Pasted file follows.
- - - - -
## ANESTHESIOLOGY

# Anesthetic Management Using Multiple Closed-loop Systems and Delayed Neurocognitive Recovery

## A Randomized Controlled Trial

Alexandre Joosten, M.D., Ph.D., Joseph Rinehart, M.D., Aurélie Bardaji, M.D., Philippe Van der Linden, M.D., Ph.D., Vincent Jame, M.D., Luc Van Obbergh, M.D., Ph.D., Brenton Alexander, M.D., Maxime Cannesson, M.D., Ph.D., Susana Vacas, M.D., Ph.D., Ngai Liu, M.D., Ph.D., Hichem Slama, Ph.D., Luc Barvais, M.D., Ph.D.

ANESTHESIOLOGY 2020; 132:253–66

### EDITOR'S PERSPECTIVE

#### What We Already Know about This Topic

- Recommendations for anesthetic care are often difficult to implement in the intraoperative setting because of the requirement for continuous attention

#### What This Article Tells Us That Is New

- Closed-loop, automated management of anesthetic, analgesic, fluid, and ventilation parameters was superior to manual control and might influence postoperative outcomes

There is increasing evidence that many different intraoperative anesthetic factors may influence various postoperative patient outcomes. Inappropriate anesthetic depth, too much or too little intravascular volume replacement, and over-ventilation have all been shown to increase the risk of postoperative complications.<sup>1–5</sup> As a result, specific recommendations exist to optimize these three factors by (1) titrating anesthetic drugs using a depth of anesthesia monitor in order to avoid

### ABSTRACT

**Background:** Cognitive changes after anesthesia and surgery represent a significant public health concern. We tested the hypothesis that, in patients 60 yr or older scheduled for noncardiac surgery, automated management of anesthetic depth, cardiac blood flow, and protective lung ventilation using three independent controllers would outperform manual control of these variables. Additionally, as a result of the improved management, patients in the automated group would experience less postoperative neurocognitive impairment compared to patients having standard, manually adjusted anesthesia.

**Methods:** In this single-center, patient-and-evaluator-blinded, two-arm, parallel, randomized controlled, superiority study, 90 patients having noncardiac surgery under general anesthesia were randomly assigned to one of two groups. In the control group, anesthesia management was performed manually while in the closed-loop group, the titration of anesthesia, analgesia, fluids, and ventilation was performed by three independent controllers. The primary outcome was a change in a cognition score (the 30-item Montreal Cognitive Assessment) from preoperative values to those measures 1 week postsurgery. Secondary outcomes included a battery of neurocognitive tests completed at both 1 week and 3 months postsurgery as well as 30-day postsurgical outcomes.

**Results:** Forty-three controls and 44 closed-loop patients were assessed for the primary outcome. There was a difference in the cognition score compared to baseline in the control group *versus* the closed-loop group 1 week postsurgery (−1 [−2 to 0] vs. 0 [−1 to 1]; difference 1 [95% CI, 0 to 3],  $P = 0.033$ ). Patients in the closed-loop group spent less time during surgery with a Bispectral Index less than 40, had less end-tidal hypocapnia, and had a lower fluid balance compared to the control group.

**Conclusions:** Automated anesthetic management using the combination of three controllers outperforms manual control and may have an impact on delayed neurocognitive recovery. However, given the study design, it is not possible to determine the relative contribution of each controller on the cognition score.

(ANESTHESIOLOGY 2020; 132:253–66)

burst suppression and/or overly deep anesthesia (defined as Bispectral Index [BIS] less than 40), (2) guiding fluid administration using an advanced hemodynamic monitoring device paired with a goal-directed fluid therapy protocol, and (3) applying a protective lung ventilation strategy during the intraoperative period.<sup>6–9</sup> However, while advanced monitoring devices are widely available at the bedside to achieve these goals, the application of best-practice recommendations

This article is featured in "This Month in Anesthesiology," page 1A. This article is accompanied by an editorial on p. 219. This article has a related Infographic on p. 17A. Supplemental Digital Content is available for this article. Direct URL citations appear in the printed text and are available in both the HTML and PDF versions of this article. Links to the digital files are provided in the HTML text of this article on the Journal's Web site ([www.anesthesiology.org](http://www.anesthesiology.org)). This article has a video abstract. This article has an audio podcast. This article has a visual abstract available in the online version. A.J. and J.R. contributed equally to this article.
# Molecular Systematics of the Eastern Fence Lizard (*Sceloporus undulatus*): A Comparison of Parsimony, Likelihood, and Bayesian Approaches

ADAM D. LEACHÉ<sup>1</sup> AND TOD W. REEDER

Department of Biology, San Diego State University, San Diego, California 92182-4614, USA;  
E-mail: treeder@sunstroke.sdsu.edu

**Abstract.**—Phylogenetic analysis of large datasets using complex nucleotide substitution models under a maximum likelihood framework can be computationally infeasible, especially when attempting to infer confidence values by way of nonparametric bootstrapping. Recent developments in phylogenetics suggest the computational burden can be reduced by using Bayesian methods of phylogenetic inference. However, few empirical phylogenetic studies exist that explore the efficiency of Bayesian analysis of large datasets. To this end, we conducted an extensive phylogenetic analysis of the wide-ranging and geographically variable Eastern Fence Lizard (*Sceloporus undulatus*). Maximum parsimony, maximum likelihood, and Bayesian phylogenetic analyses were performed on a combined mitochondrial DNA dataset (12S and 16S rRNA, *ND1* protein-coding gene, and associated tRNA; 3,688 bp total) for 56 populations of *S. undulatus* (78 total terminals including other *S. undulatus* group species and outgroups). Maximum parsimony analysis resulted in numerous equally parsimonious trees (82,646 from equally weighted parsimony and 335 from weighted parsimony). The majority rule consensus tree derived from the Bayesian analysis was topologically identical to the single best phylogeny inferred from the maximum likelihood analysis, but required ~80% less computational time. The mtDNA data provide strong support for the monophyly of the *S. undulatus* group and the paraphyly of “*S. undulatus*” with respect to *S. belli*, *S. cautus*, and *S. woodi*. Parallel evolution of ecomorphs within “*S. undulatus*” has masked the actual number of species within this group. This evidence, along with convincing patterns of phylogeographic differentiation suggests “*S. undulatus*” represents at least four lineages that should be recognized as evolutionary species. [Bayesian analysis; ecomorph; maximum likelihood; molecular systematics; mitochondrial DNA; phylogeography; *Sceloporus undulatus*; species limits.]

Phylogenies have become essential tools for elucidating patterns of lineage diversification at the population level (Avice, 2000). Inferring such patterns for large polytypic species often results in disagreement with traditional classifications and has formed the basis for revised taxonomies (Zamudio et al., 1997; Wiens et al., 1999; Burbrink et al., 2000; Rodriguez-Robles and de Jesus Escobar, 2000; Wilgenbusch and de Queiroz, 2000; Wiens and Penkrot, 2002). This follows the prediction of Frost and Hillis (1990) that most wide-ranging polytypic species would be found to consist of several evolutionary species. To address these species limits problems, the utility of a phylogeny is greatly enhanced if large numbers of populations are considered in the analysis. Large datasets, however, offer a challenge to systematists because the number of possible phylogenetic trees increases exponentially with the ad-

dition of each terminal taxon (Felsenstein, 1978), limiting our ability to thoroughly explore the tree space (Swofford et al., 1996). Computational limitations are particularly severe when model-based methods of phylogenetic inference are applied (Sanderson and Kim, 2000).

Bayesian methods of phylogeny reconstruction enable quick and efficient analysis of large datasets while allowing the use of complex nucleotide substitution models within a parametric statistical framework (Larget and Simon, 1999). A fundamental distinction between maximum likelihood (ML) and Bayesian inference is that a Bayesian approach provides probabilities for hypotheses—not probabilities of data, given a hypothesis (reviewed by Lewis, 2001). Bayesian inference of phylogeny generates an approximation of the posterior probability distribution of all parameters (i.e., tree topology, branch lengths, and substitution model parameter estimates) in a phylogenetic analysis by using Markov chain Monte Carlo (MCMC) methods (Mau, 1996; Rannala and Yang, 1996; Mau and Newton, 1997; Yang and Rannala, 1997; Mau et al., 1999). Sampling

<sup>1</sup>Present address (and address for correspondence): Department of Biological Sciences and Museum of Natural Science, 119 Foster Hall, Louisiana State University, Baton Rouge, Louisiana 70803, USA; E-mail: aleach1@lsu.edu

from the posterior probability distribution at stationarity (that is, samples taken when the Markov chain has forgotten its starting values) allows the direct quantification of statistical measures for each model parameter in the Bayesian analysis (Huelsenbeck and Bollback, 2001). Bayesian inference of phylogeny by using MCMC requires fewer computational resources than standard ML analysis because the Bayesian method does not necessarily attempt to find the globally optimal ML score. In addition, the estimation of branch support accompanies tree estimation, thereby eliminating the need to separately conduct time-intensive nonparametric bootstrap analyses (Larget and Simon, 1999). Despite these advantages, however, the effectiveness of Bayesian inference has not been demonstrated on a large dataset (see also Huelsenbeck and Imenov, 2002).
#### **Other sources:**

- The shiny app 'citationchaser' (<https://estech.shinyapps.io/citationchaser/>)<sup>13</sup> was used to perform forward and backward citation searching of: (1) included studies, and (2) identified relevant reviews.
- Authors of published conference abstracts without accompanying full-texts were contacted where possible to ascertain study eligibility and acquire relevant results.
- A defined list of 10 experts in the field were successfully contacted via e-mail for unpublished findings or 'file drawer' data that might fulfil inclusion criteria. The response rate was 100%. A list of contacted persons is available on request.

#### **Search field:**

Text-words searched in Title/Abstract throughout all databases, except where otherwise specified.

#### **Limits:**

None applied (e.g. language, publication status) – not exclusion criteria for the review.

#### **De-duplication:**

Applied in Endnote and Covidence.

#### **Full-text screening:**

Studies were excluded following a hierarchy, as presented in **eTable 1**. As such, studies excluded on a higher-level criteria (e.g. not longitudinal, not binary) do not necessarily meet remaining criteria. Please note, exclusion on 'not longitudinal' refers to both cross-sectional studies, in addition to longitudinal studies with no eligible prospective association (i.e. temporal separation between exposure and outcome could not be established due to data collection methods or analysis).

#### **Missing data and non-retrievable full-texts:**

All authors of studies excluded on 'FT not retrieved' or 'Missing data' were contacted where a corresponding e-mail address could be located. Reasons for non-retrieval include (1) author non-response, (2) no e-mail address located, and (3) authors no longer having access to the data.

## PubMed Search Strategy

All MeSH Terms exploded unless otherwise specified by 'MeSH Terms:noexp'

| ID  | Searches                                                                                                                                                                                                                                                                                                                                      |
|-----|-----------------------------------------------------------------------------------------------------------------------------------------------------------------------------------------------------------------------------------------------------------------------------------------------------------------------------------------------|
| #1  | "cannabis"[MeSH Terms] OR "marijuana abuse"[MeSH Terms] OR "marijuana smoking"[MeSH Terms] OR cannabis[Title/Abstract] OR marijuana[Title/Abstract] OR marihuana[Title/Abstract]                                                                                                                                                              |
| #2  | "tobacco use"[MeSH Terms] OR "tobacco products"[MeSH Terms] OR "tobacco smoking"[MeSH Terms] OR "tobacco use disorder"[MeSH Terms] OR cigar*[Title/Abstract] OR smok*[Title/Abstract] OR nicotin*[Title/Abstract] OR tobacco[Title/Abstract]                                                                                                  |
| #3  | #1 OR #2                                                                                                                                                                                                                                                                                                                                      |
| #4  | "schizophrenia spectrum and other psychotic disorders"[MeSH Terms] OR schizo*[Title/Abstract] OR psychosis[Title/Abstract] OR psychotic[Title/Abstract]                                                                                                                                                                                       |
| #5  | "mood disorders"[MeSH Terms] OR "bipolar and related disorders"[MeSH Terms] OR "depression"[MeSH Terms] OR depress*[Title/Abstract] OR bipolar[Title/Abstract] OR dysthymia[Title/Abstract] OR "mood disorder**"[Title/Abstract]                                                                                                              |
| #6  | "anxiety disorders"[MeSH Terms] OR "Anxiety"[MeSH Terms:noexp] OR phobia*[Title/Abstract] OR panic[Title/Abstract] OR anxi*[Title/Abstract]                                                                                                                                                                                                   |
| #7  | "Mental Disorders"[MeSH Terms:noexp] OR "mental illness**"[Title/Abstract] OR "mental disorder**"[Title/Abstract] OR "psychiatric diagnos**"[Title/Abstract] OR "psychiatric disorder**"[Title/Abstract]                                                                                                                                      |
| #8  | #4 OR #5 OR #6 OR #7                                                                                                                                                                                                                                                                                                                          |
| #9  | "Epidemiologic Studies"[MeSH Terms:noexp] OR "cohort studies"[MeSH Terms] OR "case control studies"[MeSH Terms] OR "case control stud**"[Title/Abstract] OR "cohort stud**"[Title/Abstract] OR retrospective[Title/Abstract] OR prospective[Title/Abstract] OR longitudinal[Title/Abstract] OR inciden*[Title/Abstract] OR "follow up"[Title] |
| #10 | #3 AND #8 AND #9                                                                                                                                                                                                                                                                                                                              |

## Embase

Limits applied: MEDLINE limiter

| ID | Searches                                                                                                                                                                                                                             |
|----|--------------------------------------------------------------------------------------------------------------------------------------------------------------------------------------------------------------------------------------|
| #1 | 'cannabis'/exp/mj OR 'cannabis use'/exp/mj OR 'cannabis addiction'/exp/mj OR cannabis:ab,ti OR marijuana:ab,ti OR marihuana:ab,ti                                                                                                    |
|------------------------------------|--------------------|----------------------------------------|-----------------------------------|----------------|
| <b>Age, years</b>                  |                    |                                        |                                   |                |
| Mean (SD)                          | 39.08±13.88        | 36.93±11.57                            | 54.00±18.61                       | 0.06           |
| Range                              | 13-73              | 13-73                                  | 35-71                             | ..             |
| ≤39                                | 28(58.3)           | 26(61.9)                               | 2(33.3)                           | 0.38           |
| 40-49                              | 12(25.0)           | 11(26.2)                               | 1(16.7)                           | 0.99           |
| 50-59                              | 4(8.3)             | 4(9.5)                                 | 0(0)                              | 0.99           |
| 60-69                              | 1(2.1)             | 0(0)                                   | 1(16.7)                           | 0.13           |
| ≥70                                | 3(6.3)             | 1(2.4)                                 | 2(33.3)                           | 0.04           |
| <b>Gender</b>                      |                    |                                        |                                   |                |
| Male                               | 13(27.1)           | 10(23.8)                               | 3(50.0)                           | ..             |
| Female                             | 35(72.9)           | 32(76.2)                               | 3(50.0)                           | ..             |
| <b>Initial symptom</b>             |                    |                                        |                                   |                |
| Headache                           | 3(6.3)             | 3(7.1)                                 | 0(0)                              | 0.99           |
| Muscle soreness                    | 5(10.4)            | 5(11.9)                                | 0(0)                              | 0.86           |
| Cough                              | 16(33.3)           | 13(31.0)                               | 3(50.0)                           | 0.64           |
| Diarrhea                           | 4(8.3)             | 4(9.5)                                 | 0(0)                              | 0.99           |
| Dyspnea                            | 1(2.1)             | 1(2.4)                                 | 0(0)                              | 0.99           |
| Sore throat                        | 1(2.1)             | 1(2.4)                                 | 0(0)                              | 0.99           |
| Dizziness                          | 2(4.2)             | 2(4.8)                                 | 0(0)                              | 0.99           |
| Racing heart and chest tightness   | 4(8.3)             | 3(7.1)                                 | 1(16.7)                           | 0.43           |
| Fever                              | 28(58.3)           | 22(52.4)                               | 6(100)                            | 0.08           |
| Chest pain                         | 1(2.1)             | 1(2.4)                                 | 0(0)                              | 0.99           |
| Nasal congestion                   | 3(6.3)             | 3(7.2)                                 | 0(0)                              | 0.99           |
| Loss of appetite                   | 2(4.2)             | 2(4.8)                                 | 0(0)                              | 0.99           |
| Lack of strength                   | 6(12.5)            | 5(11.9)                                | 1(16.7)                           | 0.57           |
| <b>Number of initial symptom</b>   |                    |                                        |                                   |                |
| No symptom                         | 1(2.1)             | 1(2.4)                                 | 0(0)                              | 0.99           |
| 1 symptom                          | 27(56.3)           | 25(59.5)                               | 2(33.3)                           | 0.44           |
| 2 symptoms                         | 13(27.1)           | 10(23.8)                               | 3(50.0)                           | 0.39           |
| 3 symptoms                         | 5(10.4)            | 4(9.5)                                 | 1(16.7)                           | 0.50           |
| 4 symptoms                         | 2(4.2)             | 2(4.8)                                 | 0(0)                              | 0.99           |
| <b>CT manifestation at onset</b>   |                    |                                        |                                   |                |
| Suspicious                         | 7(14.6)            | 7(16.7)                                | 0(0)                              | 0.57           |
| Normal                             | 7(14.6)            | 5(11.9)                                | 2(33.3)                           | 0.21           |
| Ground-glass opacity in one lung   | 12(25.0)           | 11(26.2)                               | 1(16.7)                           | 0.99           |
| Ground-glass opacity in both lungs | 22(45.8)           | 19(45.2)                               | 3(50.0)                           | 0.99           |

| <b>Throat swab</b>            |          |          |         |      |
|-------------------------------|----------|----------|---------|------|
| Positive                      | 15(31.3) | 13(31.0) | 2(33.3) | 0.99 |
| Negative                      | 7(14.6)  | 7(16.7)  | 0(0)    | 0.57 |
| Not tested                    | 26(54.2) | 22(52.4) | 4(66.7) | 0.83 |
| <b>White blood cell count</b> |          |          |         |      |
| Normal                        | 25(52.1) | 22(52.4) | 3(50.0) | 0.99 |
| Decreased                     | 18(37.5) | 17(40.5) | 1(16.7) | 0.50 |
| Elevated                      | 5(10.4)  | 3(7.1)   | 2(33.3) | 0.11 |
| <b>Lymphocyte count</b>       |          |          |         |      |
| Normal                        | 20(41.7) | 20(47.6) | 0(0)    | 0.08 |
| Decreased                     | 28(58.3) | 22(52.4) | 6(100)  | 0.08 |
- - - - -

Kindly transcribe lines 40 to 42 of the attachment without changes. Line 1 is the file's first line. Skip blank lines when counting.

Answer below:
#### **Full-text screening:**

Studies were excluded following a hierarchy, as presented in **eTable 1**. As such, studies excluded on a higher-level criteria (e.g. not longitudinal, not binary) do not necessarily meet remaining criteria. Please note, exclusion on 'not longitudinal' refers to both cross-sectional studies, in addition to longitudinal studies with no eligible prospective association (i.e. temporal separation between exposure and outcome could not be established due to data collection methods or analysis).

#### **Missing data and non-retrievable full-texts:**